So I’ve just finished version 0.4 of a module for handling user feedback for CMS Made Simple. It allows users with administrator rights to create reasonably complex forms, with all the user interface objects that we’ve come to expect, and handle the submission of those forms in a variety of ways.
It’s been an interesting experience. Version 0.1 was your standard naive PHP implementation of an application within a framework. It was all one big script in one big file. It would do fairly simple database queries, stuff all the results into a big array, and then process array elements with big switch statements when it needed to customize output based upon UI object type.
Version 0.2 ported this basic functionality into an Object Oriented model. I found that there were a couple of complex decisions to make — should I handle the database storage and retrieval in an OO manner? And if I query a bunch of Input Objects from the database, how do I know what specific kind of object to instantiate since that data is contained in the database record? I guess the truly OO approach would be to use an OO database, or, next best approach, to have a separate table in the database for each kind of input object. But that’s not how I did it, probably to the detriment of my code (I instantiate a superclass object, then use the type details from the general object to create a new object which is the correct specific class.)
Still, this showed how a procedural approach could save a lot of database activity over an OO approach. The data model comprises forms, which contain one or more fields, which have one or more options. In the procedural approach, I denormalize the database so that fields contain the form id, and field options contain both the field id and the form id. I could then grab everything I needed for a form in three queries. With the OO model, the number of queries is proportional to the number of fields. What’s more, there’s been a massive proliferation in the number of files required. While I worry about the web server having to load and parse all that stuff each time, I should probably have more faith in the PHP engine and the OS caching. As a number of people have said to me, I’m not playing on a TRS-80 with 4k RAM anymore. But I still feel like I should be programming as if resources were seriously limited.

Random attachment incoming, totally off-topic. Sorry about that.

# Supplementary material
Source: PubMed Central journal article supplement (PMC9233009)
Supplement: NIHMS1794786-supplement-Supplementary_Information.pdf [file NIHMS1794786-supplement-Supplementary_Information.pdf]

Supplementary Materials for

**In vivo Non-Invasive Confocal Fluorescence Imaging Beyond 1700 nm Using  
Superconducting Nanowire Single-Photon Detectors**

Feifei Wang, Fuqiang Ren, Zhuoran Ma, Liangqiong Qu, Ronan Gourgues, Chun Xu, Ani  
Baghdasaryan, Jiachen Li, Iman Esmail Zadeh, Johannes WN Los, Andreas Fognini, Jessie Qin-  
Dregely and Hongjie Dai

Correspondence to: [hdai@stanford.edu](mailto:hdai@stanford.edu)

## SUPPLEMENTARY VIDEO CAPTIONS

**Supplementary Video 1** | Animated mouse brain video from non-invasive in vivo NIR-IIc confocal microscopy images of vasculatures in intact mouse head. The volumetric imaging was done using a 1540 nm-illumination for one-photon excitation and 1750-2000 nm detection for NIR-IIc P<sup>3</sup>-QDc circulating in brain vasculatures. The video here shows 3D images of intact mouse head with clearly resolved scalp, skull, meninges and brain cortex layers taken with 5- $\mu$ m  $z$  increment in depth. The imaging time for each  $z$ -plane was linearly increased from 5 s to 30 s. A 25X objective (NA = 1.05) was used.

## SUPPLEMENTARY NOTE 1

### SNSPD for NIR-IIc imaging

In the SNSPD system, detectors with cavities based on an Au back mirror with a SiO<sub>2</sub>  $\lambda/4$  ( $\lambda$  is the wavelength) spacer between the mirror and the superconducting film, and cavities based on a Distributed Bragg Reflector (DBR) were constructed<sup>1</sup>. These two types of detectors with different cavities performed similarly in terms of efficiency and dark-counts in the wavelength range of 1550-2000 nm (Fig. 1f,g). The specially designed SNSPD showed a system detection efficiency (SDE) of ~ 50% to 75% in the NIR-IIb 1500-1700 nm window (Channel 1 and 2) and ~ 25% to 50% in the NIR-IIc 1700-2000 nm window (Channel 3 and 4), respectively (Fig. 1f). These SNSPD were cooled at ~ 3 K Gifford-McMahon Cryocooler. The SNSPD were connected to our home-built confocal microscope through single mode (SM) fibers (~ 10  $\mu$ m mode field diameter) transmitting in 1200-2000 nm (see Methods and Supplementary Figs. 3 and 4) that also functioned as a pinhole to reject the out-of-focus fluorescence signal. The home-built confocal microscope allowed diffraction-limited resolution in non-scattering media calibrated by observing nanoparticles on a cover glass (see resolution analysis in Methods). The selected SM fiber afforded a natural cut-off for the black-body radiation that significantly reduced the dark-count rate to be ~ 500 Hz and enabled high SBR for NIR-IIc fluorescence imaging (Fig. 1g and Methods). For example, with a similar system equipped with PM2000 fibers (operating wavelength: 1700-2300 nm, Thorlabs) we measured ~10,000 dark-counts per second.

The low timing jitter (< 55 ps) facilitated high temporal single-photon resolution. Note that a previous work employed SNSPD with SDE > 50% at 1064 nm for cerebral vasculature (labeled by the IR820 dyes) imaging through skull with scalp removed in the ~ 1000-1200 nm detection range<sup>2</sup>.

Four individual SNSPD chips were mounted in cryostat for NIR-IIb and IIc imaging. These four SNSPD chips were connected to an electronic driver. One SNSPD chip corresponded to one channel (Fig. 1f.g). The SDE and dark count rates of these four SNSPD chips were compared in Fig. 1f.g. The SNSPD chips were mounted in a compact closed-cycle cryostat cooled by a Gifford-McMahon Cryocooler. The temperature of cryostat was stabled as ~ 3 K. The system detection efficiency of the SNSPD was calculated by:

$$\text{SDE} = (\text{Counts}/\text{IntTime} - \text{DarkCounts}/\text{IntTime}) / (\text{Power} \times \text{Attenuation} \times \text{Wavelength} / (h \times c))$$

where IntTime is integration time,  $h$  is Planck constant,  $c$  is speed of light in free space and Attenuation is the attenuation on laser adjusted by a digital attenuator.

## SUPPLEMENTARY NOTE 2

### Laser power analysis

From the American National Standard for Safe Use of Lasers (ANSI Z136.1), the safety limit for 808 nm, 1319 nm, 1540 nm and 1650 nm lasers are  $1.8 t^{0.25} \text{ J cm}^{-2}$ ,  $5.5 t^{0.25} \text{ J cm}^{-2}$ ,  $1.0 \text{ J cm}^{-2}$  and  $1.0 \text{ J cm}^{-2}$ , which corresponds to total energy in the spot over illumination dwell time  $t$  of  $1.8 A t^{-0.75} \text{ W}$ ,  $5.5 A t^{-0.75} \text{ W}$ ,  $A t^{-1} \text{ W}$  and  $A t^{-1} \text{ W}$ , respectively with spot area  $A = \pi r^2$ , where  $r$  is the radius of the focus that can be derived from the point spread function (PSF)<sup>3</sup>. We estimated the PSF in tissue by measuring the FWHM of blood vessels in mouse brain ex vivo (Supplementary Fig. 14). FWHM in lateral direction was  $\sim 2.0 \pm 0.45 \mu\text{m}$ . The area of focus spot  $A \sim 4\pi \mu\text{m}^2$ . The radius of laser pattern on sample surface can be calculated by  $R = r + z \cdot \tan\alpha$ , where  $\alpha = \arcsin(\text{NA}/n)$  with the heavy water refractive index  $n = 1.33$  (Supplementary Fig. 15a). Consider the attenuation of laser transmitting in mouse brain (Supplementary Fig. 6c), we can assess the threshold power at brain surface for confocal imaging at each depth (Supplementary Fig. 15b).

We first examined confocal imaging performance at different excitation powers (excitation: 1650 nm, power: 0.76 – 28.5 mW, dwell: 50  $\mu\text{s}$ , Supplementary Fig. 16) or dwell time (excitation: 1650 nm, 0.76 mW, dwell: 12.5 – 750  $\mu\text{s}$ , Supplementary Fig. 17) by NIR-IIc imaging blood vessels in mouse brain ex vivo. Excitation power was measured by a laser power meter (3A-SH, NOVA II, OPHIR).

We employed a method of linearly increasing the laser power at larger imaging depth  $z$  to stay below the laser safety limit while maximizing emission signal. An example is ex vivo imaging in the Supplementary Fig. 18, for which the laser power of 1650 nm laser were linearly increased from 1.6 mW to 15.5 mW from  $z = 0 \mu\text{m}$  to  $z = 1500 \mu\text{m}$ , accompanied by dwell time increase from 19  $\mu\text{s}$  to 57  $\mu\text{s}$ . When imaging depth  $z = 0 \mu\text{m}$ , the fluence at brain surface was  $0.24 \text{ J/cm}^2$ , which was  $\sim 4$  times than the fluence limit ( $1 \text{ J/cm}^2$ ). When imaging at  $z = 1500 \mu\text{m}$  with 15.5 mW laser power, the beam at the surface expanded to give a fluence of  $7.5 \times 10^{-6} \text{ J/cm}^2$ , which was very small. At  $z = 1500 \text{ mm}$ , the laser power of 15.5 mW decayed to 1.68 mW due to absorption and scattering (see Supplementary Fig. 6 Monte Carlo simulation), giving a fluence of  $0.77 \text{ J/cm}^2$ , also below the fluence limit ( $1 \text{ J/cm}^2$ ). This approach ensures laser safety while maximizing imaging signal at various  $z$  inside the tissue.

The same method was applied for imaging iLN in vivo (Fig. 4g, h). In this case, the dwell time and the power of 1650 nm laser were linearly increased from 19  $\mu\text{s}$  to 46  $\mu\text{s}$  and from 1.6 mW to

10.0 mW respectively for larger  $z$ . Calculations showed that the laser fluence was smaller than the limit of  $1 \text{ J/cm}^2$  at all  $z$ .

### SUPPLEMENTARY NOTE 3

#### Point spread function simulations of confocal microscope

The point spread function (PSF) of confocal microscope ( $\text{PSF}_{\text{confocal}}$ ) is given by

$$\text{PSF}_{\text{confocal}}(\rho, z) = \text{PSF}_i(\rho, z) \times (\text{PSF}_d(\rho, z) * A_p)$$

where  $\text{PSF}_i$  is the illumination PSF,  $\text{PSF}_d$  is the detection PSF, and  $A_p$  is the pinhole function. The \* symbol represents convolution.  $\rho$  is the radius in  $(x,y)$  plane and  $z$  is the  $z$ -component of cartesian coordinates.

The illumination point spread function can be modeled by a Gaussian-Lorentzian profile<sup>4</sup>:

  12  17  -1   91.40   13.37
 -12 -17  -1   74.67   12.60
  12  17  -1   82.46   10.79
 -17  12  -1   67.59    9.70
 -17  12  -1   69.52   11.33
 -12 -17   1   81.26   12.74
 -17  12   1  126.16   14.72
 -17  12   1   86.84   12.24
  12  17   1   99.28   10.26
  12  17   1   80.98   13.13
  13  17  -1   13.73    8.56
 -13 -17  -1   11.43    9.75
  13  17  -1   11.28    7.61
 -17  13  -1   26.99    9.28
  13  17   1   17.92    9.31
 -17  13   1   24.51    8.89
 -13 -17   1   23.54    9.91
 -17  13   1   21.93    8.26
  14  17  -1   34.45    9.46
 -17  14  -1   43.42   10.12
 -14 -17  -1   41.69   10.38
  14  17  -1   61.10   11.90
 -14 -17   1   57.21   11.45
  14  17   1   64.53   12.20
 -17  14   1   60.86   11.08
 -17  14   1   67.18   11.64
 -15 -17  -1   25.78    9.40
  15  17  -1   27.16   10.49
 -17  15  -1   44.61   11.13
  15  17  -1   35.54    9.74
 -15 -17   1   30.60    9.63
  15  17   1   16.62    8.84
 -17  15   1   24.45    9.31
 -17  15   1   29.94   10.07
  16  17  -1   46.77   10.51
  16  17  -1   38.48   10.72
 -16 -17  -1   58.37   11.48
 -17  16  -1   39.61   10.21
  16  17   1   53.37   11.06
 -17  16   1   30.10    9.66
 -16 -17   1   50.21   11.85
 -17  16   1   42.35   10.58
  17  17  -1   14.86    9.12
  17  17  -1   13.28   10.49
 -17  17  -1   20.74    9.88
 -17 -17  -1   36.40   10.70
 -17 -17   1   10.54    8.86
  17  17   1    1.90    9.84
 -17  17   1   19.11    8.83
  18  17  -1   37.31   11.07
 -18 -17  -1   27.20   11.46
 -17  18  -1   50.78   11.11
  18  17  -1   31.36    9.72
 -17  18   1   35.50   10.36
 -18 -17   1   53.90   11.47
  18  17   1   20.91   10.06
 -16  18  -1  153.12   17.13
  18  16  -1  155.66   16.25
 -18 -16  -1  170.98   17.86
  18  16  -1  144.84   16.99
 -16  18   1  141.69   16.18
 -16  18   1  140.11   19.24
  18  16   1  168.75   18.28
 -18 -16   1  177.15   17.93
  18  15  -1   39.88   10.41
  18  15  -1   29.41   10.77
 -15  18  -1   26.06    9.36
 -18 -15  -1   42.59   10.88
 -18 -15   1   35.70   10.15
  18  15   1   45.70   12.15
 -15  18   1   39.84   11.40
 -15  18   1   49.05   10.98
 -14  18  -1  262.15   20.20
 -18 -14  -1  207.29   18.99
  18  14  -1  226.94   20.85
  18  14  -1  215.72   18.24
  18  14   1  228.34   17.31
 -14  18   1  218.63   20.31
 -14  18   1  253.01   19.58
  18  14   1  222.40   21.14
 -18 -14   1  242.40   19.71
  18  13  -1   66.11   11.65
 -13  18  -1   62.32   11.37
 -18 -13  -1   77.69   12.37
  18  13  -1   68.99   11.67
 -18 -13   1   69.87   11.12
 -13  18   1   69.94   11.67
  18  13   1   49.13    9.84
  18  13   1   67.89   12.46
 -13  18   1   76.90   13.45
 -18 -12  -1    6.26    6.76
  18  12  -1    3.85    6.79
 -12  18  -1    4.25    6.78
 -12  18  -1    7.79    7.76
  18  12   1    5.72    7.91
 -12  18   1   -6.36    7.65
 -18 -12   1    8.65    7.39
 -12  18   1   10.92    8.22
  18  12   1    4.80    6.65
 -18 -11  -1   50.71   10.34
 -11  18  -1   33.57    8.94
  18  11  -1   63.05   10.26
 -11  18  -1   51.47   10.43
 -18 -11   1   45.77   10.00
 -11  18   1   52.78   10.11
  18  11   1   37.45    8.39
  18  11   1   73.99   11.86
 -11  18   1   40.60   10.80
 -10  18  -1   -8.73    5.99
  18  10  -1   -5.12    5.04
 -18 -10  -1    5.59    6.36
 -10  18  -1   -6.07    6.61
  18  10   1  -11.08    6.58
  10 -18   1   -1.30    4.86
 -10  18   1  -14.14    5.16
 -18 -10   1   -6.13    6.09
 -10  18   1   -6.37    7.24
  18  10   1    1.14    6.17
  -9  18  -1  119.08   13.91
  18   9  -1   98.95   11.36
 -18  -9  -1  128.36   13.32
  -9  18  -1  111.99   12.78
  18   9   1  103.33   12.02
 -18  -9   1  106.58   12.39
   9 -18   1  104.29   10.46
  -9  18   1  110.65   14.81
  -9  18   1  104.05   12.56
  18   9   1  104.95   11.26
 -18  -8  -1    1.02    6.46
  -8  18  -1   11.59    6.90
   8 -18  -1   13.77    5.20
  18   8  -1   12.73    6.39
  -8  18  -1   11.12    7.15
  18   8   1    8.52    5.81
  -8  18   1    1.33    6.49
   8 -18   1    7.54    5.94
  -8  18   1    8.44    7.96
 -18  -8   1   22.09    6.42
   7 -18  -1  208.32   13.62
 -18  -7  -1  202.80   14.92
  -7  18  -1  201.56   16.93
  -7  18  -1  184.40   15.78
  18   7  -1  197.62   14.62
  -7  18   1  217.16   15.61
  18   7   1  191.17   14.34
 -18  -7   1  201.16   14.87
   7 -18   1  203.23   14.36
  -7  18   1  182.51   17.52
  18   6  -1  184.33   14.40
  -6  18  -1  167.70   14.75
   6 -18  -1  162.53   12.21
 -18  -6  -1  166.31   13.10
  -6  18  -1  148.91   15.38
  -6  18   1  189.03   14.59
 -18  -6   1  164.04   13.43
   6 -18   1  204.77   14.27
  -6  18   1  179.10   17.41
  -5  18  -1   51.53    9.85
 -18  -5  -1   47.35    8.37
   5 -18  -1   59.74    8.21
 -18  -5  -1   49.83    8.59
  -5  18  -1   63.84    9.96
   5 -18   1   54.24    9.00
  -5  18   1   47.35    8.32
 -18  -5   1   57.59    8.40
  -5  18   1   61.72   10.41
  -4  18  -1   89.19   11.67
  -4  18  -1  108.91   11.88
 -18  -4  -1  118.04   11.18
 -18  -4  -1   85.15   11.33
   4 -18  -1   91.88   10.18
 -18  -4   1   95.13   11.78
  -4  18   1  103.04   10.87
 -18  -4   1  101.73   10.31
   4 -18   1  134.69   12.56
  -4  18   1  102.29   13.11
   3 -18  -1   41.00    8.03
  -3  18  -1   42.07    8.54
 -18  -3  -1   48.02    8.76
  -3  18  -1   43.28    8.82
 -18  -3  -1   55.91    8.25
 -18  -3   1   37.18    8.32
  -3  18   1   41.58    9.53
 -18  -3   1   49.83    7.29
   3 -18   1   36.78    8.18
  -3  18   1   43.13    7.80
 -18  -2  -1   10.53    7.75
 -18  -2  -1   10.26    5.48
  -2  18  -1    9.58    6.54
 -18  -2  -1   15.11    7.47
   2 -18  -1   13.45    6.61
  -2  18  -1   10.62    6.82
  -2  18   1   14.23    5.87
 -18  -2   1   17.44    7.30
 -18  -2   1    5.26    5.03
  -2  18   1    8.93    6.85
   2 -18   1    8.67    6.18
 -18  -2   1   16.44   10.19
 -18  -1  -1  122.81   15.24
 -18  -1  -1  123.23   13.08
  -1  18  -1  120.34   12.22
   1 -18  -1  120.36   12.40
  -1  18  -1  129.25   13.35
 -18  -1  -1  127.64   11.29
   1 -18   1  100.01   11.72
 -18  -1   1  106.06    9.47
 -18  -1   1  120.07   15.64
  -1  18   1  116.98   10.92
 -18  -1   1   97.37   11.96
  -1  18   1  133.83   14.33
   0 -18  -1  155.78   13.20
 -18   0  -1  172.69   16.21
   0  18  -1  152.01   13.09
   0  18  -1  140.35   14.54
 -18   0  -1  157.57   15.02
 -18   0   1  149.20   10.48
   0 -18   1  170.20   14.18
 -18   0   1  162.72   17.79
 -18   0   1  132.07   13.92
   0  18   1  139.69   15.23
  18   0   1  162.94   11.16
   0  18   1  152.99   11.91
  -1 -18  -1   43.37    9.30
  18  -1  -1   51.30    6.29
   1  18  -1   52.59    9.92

Similarly, when it came time (for version 0.4) to add localization of the code, it required some somewhat unpleasant contortions: each Input object needs to have access to a global collection of text strings (stored in a big hash) so they can present localized versions of messages. And I still need to go in and make sure that I’m actually handing around references rather than the copies that PHP likes to pass.
Maybe this is just the yammerings of someone who should understand software design better. Clearly, there were some bad decisions made in the code, although I could argue about how bad they really are.
Another aspect that took me by surprise was how I could test code and have it perform perfectly, while other users reported errors and bugs immediately. In this case, the main culprit was not inattentiveness (in testing, anyway), but my PHP configuration. If you allow output buffering, PHP gracefully handles output before the headers have been sent. Not so, if output buffering is disabled. So when my code would generate errors, my test configuration would blithely allow error codes to be output but then clobber that output with the expected page output. So while I thought output buffering was only involved in performance, it seems that for development, it should be disabled. That way, those bugs cannot be so easily overlooked.